As I uncovered the leaves from the base of the Blushing Bride hydrangea, I found that a couple of the branches had formed roots which will be new plants! This form of ‘root layering’ or ‘ground layering’ is a great way to start a new shrub from an established one.
Rooted Hydrangea Branch
It’s bare and spindly looking stems are curving out from the center and then upward and at least two of them were touching the ground enough to form roots. Now, new growth is showing beyond the roots which means I will have a couple of new little baby hydrangea plants!
I have propagated hydrangeas this way before, back when I lived in my rental house. I had found a rooted stem with big leaves and a flower that was growing separate from the main bush, so I dug it up and planted it near the front steps. You can read about how I did it on my Propagating Hydrangeas page about root layering.
So for now I will let the babies grow – attached to the main plant – until they get larger. I’ll probably dig them up in the Fall and find them a place to grow on their own. I love to find free ways to landscape. Isn’t that exciting?
dried hydrangea on stem
Last summer was the first time I planted my own hydrangea shrubs in the yard. I planted six shrubs which were a combination of the macrophylla and paniculata variety and had flowers that were blue, white, pink and somewhat green by summer’s end.
Because hydrangeas last so long on the bush, I just let them continue to change and fade and eventually dry out on their stems. I left them alone over the winter and some of the dried heads fell off, but some stayed attached until this spring.
So when is the best time to remove the flower heads? Unlike some other perennial and annul plants, the hydrangea does not need dead-heading to flourish. The dried flowers look just fine and even add some interest against the winter snow.
But, I have decided to remove the dead flowers next Fall. My shrubs are all quite small and the snow on the flowers tended to pull the stems down and bury the stalks under all that snow. With just the stems left on the shrub, the snow should not be able to do as much damage.
So that is my plan for the end of the growing season this year.
Growth on Old Wood
Now that the hydrangeas have sprung back from the weight of the snow, I realize I have some trimming and pruning to do. I leave the dead flowers on the stalks over winter, but now they need to be removed. Some branches are broken, but I know that they will fill in quickly with new growth.
Some hydrangeas bloom on new growth so you don’t want to trim those in Spring, or you may be cutting off the blooms. Some bloom on old wood – the stems that were there last year. And some will bloom on both.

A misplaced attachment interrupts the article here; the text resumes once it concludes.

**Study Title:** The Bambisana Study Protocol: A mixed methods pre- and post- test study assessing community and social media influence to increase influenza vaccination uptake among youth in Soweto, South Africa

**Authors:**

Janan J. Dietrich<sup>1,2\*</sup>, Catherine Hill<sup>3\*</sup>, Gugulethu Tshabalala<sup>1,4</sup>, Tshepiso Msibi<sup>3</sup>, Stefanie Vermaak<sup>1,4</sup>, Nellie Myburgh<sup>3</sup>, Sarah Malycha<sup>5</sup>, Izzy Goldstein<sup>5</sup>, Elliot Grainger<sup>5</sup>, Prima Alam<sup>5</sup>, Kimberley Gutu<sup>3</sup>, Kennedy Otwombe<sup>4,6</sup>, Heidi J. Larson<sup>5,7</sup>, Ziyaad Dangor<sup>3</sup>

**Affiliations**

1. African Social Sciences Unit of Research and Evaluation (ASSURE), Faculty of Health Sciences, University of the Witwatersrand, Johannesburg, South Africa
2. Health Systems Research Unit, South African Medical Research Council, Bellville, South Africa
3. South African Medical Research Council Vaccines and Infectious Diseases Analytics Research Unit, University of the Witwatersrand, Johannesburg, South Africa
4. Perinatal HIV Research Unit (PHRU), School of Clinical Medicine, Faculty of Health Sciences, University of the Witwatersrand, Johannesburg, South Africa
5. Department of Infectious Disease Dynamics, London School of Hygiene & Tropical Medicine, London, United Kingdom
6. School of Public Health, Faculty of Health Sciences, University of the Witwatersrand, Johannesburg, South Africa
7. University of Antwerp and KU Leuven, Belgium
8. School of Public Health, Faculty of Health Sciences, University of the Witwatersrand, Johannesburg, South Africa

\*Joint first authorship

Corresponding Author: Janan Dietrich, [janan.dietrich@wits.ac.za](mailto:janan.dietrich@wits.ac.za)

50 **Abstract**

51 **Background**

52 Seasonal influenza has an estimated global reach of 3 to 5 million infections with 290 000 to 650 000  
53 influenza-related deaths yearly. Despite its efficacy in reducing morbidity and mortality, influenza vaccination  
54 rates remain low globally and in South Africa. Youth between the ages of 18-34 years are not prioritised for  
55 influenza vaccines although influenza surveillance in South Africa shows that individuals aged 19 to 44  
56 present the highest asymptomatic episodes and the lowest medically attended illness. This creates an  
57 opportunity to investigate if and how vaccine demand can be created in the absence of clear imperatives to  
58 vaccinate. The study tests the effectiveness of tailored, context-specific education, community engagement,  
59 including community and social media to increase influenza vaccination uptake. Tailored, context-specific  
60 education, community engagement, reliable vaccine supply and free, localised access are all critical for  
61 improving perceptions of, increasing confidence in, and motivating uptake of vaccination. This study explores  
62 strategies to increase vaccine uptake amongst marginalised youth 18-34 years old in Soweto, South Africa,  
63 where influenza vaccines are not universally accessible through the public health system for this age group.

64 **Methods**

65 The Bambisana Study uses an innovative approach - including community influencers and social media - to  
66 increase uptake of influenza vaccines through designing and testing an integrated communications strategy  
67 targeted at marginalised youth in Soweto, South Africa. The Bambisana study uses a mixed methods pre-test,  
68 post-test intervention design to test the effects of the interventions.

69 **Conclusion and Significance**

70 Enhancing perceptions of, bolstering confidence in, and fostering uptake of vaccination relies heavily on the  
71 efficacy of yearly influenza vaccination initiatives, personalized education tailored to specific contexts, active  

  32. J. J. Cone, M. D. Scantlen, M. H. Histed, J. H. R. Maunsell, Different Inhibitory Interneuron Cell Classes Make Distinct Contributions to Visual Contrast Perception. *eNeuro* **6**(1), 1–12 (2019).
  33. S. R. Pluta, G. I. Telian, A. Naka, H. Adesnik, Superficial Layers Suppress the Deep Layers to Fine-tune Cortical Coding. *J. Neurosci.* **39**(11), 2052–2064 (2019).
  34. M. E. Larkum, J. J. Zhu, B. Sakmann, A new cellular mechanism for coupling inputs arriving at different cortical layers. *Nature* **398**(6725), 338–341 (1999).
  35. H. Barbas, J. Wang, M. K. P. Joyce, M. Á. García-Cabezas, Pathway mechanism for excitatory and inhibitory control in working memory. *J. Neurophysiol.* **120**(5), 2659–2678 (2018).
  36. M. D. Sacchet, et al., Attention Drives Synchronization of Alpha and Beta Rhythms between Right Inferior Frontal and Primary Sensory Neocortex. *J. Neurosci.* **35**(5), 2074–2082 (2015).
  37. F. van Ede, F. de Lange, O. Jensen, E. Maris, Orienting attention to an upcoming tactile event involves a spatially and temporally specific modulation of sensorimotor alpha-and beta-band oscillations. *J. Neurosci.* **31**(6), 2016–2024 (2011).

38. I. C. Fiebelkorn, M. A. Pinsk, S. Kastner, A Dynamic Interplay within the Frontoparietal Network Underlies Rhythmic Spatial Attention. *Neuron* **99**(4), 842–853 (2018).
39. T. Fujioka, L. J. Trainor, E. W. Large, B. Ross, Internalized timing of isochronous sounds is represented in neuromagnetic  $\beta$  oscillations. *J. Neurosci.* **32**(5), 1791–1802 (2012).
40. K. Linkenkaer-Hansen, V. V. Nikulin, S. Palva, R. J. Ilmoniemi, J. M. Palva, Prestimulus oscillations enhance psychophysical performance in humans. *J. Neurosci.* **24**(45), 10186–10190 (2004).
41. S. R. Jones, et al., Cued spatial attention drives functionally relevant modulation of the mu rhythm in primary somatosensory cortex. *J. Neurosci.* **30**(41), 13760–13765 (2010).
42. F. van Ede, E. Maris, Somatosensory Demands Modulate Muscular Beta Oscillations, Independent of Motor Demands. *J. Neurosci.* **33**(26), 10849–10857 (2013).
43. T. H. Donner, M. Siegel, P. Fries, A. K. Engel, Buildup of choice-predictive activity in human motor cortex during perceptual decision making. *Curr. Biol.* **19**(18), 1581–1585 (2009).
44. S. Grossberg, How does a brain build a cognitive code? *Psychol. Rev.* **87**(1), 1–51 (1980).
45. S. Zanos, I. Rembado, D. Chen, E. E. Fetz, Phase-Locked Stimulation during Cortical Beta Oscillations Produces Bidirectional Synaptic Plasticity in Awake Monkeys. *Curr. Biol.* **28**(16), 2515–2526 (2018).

This is my “Endless Summer”, a small shrub that I planted last Spring and it bloomed profusely even though it never grew very large. This year I expect it will grow larger and lots of blue flowers. The dead flowers are still showing at the end of the stalks and I will be cutting them off.
Bent and Broken Hydrangea Under the Snow
Today it was close to 60 degrees and I got outside to view my gardens – at least the areas that are snow free. Until I can get to the perennials I will have to blog about other gardening things – like starting some vegetable seeds, and buying loam and grass seed!
This blog is forgotten for most of the winter months because I live in New England and there is certainly no gardening going on in my yard at that time of year. I spend my time organizing my online stores and creating new wedding designs for Spring. When my business picks up in Spring and Summer, so does this blog readership, but I get motivated to make time to take photos and write because it’s what I love to do – garden!
I just took this picture today and it shows how my hydrangeas are still weighed down in places by packed snow. I’m happy to see that they are not totally destroyed and I think I may look into a cover for them for next winter. I’d like the A-frame wooden type. I also need nets to put over my Rhododendrons that will not be blooming at all thanks to the many hungry deer that snacked on them.
Hydrangeas are quite hardy and the branches tend to bend under the weight instead of breaking. I may do some trimming once they are uncovered. Any hydrangeas that bloom on old and new wood can be trimmed if needed.
We have a lot of snow
I am a little worried about my hydrangeas. When I planted my babies last Spring I had to take a lot into consideration. Will they get enough sun, too much sun, and was the spot I chose enough room for them to grow to their potential. I also had to consider the snow plowing.
Well, last winter was a strange one for us, and much of the U.S. when we had very little snow. I had just moved into a new home and that winter really told me nothing about conditions and snow piles that would occur in a normal year. So I had to guess.
I put the Pinky Winky hydrangea at the edge of the garage. The one big storm we had meant that I had one big snowstorm in October and the snow was easily pushed to the grass out of the way. I thought the plant would be safe in the spot I chose. Now, I am not so sure.
As you can see in my picture, there is quite a bit of snow that has been pushed up into the spot – very close to where my hydrangea is sitting, buried in many feet of snow. Each time the plow comes that whole pile is slammed into with the truck, trying to get it out of the driveway.
If the bush survives this winter, I think it will be okay because I am planning to get a snow-blower for the following years. My small, downward sloping driveway doesn’t give the plow guys much to work with and I can’t even use the right side of my garage at this point.
I just hope the Pinky Winky won’t be broken.
my Pinky Winky